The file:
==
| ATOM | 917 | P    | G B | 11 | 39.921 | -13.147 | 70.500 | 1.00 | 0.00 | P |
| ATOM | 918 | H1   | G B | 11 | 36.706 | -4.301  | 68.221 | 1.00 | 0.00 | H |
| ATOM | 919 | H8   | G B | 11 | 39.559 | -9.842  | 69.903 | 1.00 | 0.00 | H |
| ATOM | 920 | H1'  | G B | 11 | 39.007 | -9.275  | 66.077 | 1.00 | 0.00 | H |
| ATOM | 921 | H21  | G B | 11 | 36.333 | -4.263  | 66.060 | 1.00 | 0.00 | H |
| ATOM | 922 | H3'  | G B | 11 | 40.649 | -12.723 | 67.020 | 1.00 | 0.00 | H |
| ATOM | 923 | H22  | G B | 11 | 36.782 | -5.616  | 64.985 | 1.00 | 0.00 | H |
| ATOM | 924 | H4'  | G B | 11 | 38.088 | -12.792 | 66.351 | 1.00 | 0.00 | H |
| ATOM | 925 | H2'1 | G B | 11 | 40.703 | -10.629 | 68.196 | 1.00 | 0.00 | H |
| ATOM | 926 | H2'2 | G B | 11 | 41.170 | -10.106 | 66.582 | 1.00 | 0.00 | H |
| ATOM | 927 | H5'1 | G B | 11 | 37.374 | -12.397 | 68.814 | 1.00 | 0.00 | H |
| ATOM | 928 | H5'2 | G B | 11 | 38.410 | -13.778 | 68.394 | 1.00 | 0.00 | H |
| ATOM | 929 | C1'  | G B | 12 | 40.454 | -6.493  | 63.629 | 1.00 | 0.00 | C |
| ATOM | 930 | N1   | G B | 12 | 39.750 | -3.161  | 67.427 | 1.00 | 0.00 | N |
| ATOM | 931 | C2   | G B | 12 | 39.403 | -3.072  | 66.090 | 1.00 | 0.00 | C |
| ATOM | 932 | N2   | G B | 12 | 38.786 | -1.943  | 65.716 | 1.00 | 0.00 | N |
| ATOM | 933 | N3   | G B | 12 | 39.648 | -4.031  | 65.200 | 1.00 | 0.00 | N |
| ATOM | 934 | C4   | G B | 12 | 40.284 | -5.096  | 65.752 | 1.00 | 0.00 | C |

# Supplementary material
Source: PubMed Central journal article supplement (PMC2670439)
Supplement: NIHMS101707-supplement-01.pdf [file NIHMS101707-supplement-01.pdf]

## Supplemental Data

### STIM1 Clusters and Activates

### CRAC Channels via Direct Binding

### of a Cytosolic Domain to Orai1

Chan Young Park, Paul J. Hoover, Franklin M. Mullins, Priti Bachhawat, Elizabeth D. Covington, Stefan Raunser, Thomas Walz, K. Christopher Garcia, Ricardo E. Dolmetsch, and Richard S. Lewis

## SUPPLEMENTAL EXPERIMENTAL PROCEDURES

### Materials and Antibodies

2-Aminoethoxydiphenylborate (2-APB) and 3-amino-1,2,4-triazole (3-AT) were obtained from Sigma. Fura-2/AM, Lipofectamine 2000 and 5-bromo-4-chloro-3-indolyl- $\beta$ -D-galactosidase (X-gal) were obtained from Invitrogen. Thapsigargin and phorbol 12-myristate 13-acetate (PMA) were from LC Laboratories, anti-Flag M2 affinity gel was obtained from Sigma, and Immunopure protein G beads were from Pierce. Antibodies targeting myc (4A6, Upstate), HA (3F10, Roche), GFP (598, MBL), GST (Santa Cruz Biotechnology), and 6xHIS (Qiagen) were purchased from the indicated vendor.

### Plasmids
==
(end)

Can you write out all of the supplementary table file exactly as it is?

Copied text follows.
| ATOM | 917 | P    | G B | 11 | 39.921 | -13.147 | 70.500 | 1.00 | 0.00 | P |
| ATOM | 918 | H1   | G B | 11 | 36.706 | -4.301  | 68.221 | 1.00 | 0.00 | H |
| ATOM | 919 | H8   | G B | 11 | 39.559 | -9.842  | 69.903 | 1.00 | 0.00 | H |
| ATOM | 920 | H1'  | G B | 11 | 39.007 | -9.275  | 66.077 | 1.00 | 0.00 | H |
| ATOM | 921 | H21  | G B | 11 | 36.333 | -4.263  | 66.060 | 1.00 | 0.00 | H |
| ATOM | 922 | H3'  | G B | 11 | 40.649 | -12.723 | 67.020 | 1.00 | 0.00 | H |
| ATOM | 923 | H22  | G B | 11 | 36.782 | -5.616  | 64.985 | 1.00 | 0.00 | H |
| ATOM | 924 | H4'  | G B | 11 | 38.088 | -12.792 | 66.351 | 1.00 | 0.00 | H |
| ATOM | 925 | H2'1 | G B | 11 | 40.703 | -10.629 | 68.196 | 1.00 | 0.00 | H |
| ATOM | 926 | H2'2 | G B | 11 | 41.170 | -10.106 | 66.582 | 1.00 | 0.00 | H |
| ATOM | 927 | H5'1 | G B | 11 | 37.374 | -12.397 | 68.814 | 1.00 | 0.00 | H |
| ATOM | 928 | H5'2 | G B | 11 | 38.410 | -13.778 | 68.394 | 1.00 | 0.00 | H |
| ATOM | 929 | C1'  | G B | 12 | 40.454 | -6.493  | 63.629 | 1.00 | 0.00 | C |
| ATOM | 930 | N1   | G B | 12 | 39.750 | -3.161  | 67.427 | 1.00 | 0.00 | N |
| ATOM | 931 | C2   | G B | 12 | 39.403 | -3.072  | 66.090 | 1.00 | 0.00 | C |
| ATOM | 932 | N2   | G B | 12 | 38.786 | -1.943  | 65.716 | 1.00 | 0.00 | N |
| ATOM | 933 | N3   | G B | 12 | 39.648 | -4.031  | 65.200 | 1.00 | 0.00 | N |
| ATOM | 934 | C4   | G B | 12 | 40.284 | -5.096  | 65.752 | 1.00 | 0.00 | C |

# Supplementary material
Source: PubMed Central journal article supplement (PMC2670439)
Supplement: NIHMS101707-supplement-01.pdf [file NIHMS101707-supplement-01.pdf]

## Supplemental Data

### STIM1 Clusters and Activates

### CRAC Channels via Direct Binding

### of a Cytosolic Domain to Orai1

Chan Young Park, Paul J. Hoover, Franklin M. Mullins, Priti Bachhawat, Elizabeth D. Covington, Stefan Raunser, Thomas Walz, K. Christopher Garcia, Ricardo E. Dolmetsch, and Richard S. Lewis

## SUPPLEMENTAL EXPERIMENTAL PROCEDURES

### Materials and Antibodies

2-Aminoethoxydiphenylborate (2-APB) and 3-amino-1,2,4-triazole (3-AT) were obtained from Sigma. Fura-2/AM, Lipofectamine 2000 and 5-bromo-4-chloro-3-indolyl- $\beta$ -D-galactosidase (X-gal) were obtained from Invitrogen. Thapsigargin and phorbol 12-myristate 13-acetate (PMA) were from LC Laboratories, anti-Flag M2 affinity gel was obtained from Sigma, and Immunopure protein G beads were from Pierce. Antibodies targeting myc (4A6, Upstate), HA (3F10, Roche), GFP (598, MBL), GST (Santa Cruz Biotechnology), and 6xHIS (Qiagen) were purchased from the indicated vendor.

### Plasmids